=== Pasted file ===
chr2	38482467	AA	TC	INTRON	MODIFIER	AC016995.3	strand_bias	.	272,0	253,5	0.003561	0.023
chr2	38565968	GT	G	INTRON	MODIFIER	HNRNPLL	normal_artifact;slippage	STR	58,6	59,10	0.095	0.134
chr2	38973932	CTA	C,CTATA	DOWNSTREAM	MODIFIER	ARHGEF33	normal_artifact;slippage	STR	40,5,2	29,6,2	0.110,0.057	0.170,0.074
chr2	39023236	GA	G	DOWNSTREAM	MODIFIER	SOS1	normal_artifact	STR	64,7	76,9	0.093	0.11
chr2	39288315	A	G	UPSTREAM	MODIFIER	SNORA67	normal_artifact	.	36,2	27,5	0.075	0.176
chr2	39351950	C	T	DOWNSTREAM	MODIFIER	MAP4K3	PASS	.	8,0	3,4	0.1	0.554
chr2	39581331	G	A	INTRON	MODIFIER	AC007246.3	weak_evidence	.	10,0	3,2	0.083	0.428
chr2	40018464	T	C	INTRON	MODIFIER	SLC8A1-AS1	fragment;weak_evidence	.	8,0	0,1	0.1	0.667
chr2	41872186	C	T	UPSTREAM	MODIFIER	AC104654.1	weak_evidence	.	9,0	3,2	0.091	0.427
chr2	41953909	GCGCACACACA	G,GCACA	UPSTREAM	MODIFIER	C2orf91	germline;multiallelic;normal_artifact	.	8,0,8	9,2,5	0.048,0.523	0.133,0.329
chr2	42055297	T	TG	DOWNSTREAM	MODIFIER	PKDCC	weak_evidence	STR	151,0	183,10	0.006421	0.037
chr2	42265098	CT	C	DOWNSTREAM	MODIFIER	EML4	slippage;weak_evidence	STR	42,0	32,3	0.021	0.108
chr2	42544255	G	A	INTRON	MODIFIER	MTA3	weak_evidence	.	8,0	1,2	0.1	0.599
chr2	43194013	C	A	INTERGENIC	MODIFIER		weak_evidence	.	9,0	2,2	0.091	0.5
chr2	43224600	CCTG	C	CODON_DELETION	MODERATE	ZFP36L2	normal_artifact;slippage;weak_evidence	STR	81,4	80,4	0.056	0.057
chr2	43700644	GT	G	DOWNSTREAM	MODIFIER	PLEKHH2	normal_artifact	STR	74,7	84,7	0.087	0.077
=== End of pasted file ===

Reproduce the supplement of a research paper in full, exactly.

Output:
chr2	38482467	AA	TC	INTRON	MODIFIER	AC016995.3	strand_bias	.	272,0	253,5	0.003561	0.023
chr2	38565968	GT	G	INTRON	MODIFIER	HNRNPLL	normal_artifact;slippage	STR	58,6	59,10	0.095	0.134
chr2	38973932	CTA	C,CTATA	DOWNSTREAM	MODIFIER	ARHGEF33	normal_artifact;slippage	STR	40,5,2	29,6,2	0.110,0.057	0.170,0.074
chr2	39023236	GA	G	DOWNSTREAM	MODIFIER	SOS1	normal_artifact	STR	64,7	76,9	0.093	0.11
chr2	39288315	A	G	UPSTREAM	MODIFIER	SNORA67	normal_artifact	.	36,2	27,5	0.075	0.176
chr2	39351950	C	T	DOWNSTREAM	MODIFIER	MAP4K3	PASS	.	8,0	3,4	0.1	0.554
chr2	39581331	G	A	INTRON	MODIFIER	AC007246.3	weak_evidence	.	10,0	3,2	0.083	0.428
chr2	40018464	T	C	INTRON	MODIFIER	SLC8A1-AS1	fragment;weak_evidence	.	8,0	0,1	0.1	0.667
chr2	41872186	C	T	UPSTREAM	MODIFIER	AC104654.1	weak_evidence	.	9,0	3,2	0.091	0.427
chr2	41953909	GCGCACACACA	G,GCACA	UPSTREAM	MODIFIER	C2orf91	germline;multiallelic;normal_artifact	.	8,0,8	9,2,5	0.048,0.523	0.133,0.329
chr2	42055297	T	TG	DOWNSTREAM	MODIFIER	PKDCC	weak_evidence	STR	151,0	183,10	0.006421	0.037
chr2	42265098	CT	C	DOWNSTREAM	MODIFIER	EML4	slippage;weak_evidence	STR	42,0	32,3	0.021	0.108
chr2	42544255	G	A	INTRON	MODIFIER	MTA3	weak_evidence	.	8,0	1,2	0.1	0.599
chr2	43194013	C	A	INTERGENIC	MODIFIER		weak_evidence	.	9,0	2,2	0.091	0.5
chr2	43224600	CCTG	C	CODON_DELETION	MODERATE	ZFP36L2	normal_artifact;slippage;weak_evidence	STR	81,4	80,4	0.056	0.057
chr2	43700644	GT	G	DOWNSTREAM	MODIFIER	PLEKHH2	normal_artifact	STR	74,7	84,7	0.087	0.077